The 3.5L is capable of some pretty swift moves, with strong and effortless acceleration and buttery-smooth shifts from its eight-speed automatic transmission. But it’s also beautifully-behaved in slower situations, where it’s easy to modulate the throttle when taking off gradually from a light, or creeping through traffic.

Driving Feel: 8/10

Although it’s the brand’s largest SUV, it doesn’t feel as big as it is once you’re out on the road thanks to its responsive handling. The steering is well-weighted and it’s a pleasure to drive, tucking into curves with satisfying confidence, and manoeuvring without issues in tighter parking lots. Braking is smooth and efficient. It also does a great job of racking up highway miles in coddled comfort and would make a good long-distance road-trip vehicle.

Fuel Economy: 8/10

The GV80 3.5T is rated by Natural Resources Canada (NRCan) at 12.9 L/100 km in the city, 10.4 on the highway, and 11.8 in combined driving. It needs premium-grade fuel. In my week with it, I averaged 13.3 L/100 km.

It’s a bit thirstier than its competitors, some of which employ mild-hybrid technology to reduce consumption. The Audi Q7 with a V6 is rated at 11.4 L/100 km in combined driving, but the Mercedes GLE-Class is 10.8, while the Infiniti QX60 is 10.7, and the BMW X5 and Lexus RX 350 are 9.4 and 9.9, respectively.

Value: 8/10

The GV80 is $76,000 with its four-cylinder and $83,000 with the V6, while my 3.5T Prestige tester was $90,500. That’s a lot of money, but it’s also a lot of vehicle with numerous higher-end features. If you’re within range of a dealer, you can also get the vehicle brought to your house for a test-drive, and if it needs service, someone will pick it up and leave a loaner.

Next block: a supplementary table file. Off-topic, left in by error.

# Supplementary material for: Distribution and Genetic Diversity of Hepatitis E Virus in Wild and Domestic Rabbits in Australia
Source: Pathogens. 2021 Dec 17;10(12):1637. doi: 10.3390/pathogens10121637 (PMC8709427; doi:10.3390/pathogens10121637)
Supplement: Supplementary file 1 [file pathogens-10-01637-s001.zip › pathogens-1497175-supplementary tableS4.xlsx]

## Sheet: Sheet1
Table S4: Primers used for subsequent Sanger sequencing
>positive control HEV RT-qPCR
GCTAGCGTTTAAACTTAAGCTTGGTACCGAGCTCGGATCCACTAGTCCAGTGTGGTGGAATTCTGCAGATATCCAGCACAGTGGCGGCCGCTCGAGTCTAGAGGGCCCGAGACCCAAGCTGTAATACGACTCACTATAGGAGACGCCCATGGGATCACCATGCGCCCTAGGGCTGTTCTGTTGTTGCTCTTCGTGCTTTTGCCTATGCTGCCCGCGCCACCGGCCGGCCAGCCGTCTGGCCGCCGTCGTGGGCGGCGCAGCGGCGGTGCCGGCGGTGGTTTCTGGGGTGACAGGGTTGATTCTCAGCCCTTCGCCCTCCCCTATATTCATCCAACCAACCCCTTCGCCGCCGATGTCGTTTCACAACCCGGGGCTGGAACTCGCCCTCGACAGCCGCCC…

By comparison, the Infiniti QX60 comes in below the Genesis at $61,660 to $77,260; and the Lexus RX 350 at $62,055 to $77,555. Others are higher: The Audi Q7 starts at $76,85 to $94,815; the Mercedes-Benz GLE at around $83,00 to $92,000; and the BMW X5 at $88,480 to $92,980 (all prices include delivery).

The Verdict

When it first came on the stage, Genesis had a bit of an identity issue. The vehicles were luxurious and very well-equipped for what you paid, but they were still – well, Hyundais, and not what you’d proudly park outside the country club alongside well-established premium marques. That’s not the case any longer, and if you’re in this market, you definitely want to look at it alongside those brands. The 2024 Genesis GV80 is a comfortable vehicle with good performance that’s definitely worth a test-drive.

Engine Displacement 3.5L
Engine Cylinders V6
Peak Horsepower 375 hp @ 5,800 rpm
Peak Torque 391 lb-ft @ 1,300 rpm
Fuel Economy 12.9 / 10.4 / 11.8 L/100 km cty/hwy/cmb
Cargo Space 988 / 2,378 L seats up/down
Model Tested 2024 Genesis GV80 3.5T Prestige
Base Price $90,500
A/C Tax $100
Destination Fee Included
Price as Tested $90,600
Optional Equipment